GM has announced that it is now recalling over a million cars with defective ignition switches that cause airbags to fail to deploy. So far, it has been alleged that 303 deaths are related to the defect. This would be just another sad story where your heart goes out to the families of the victims, but for the fact that GM allegedly knew of the defect and made a “business decision” not to recall the vehicles.
Under tort law, or more specifically Proudcts Liability law, the manufacturer can be held financially responsible for damages caused by a defective product. To most this principle seems fair, a company made a product, sold it for a profit, and it turned out to be defective and injured someone. It is reasonable for the law to provide a means to compensate the victim for their injuries. However, what if the manufacturer learned of the defect, but decided that it would be cheaper to continue to manufacture the product with the defect, than to remedy the defect? What if the company decided it was cheaper to pay for the deaths caused by the product, than to fix the problem? Would you agree that this is different from the situation where the company had no prior knowledge of the defect?
We live in a time where more and more states are accepting the insurance company and corporate argument that their are too many frivolous lawsuits and therefore there needs to be limits and reforms to injury laws. The most commonly proposed “reforms” are limits on damages and the elimination of punitive damages. This post is menat to discuss the dangers associated with these so called “reforms”.
Limits on damages, often called caps, place a maximum limit on the amount of money a person can recovery for an injury. For example, in Louisiana, the maximum amount of damages that a victim can recover for injuries caused by the negligence of a doctor is $500,000. Many states have similar limits. So, regardless of the earnings or facts, a victim can recover no more. Even if a jury of citizens awards more, the law automatically reduces the amount. This certainly appears anti-democratic. However, it also encourages negligent behavior.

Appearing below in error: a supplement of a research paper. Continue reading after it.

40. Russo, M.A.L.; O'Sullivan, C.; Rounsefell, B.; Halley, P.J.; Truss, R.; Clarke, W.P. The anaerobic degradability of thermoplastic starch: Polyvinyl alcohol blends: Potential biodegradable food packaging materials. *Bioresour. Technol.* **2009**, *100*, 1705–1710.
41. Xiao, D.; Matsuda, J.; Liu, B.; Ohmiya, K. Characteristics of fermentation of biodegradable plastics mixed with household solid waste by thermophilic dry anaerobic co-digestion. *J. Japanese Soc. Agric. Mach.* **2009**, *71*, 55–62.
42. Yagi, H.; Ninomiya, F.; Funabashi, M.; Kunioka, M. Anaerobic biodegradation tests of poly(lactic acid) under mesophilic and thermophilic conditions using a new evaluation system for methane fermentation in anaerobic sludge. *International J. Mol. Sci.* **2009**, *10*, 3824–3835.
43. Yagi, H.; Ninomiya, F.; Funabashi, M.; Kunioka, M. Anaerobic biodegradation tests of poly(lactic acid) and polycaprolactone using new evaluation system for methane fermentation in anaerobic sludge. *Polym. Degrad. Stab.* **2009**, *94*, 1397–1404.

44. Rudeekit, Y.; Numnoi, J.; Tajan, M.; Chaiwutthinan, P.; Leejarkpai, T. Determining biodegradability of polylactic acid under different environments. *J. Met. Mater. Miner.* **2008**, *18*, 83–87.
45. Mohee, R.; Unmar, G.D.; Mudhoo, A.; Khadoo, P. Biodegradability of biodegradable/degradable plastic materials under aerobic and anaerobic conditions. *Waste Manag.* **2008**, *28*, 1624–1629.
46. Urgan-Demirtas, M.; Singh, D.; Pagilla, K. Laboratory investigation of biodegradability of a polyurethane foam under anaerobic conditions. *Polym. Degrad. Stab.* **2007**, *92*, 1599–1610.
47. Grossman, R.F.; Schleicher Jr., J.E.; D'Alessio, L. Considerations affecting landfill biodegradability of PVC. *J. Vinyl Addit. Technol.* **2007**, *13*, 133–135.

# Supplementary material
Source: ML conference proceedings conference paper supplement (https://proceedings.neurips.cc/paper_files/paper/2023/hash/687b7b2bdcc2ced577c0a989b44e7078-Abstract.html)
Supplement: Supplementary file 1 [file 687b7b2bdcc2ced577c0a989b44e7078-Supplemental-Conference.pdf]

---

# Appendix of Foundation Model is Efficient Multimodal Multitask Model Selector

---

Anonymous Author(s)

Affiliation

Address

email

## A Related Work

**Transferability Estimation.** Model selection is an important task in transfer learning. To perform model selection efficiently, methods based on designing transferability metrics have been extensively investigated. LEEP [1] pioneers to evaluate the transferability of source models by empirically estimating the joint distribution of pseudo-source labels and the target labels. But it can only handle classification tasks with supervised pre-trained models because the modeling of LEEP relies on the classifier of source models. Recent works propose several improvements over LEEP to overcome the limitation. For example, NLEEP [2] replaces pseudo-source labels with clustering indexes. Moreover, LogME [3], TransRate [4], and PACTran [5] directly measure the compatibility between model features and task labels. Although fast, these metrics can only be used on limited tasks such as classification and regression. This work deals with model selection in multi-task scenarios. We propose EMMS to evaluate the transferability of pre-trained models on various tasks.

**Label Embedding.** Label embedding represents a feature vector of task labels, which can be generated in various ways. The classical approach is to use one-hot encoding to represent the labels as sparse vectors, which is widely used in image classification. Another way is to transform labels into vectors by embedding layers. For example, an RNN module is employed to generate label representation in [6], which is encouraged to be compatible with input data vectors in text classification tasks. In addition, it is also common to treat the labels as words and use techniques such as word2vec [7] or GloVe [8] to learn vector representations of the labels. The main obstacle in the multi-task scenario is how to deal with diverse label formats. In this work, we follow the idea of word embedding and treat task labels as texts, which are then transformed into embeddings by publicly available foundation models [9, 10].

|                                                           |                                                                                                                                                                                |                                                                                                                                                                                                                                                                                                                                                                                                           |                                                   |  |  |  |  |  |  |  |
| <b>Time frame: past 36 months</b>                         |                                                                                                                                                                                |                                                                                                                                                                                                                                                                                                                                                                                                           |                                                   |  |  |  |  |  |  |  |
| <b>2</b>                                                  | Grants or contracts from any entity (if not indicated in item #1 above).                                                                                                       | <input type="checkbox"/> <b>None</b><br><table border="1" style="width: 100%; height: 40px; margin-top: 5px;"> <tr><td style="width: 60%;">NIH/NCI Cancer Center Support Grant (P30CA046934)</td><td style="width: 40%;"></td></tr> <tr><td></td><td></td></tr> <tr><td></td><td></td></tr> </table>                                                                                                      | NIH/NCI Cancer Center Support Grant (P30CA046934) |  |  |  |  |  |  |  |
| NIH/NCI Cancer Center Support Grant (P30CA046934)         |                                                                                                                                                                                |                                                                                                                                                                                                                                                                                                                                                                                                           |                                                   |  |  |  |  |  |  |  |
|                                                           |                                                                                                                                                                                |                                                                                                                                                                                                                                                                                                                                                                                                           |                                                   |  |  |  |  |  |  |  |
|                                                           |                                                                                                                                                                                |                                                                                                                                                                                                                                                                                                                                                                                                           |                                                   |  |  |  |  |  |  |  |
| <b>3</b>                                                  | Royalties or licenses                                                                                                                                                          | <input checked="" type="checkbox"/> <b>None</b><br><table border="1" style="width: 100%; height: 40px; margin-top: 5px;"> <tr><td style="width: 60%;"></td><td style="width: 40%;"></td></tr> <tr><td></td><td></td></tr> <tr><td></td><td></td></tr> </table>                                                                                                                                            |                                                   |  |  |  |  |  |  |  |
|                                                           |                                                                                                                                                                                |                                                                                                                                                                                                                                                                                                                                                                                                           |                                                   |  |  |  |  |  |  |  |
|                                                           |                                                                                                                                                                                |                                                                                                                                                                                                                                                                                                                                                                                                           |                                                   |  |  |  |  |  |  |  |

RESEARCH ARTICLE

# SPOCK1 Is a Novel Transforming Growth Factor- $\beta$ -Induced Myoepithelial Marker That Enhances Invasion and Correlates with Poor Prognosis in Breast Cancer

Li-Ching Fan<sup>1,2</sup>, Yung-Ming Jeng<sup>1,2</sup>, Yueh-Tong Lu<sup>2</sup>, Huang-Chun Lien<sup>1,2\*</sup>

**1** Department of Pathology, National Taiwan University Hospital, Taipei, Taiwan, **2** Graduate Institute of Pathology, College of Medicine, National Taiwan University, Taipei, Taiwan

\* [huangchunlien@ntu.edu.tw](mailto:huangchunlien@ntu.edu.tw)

Punitive damages are a certain type of damages that are meant to punish the wrongdoer for its conduct. This category of damages was eliminated in Louisiana in 1996. The best way to explain punitive damages is through an example. Imagine that there was a car accident that was caused by a person who ran a red light. They had never ran a red light before, but got distracted and hit another car, injuring the other driver. Most people would agree that the negligent driver should pay for the damage caused to the other driver.
Now imagine that a clothing manufacturer makes children’s clothes. The company decides to get cheap materials from China to maximize profits. The company doesn’t do any testing on the materials. After selling the clothing, the company learns that the material is highly flammable. The company then learns that a few children have suffered serious burns when the clothing caught fire. Now, the company decides that because there is a “cap” on the maximum amount of damages it would have to pay for burning a child, and the cost to recall the clothing is less than the cost to pay the “capped” damages to the estimated number of children who will be burned. So, the company does not recall the product, and children continue to get burned.
Do you see a distinction between the behavior of the driver and the clothing manufacturer? Do you think there should be some additional punishment to the manufacturer?
Turning back to GM, evidence has been produced that shows that GM knew of the defective ingition switch in 2004 prior to it even began selling the Chevy Cobalt in 2005. Yet, it used the defective ingition switch in the Cobalt. GM Knew. GM did not recall the vehicles till 2014, so it knew for 10 years that there was a fatal defect in its vehicles, yet decided it was cheaper to pay the damages than recall the vehicle.
The only reason we know this is because a 29 year old woman died because of the defect while driving her 2005 Cobalt, and the family sued. See lawsuit. It was only through the facts exposed in lawsuits filed by the families’ of victims that the public was made aware of the defect and pressure mounted to recall.
Caps on damages have the potential to encourage corporations to make “business decisions” that lead to death and injury. Punitive damages serve the important roll of preventing these corporations from making these decisions. The corporations cannot accurately estimate the punitive damages and therefore are far less likely to make these “business decisions” that cause needless death and injury.
For more information, see our website at New Orleans Product Liability Attorneys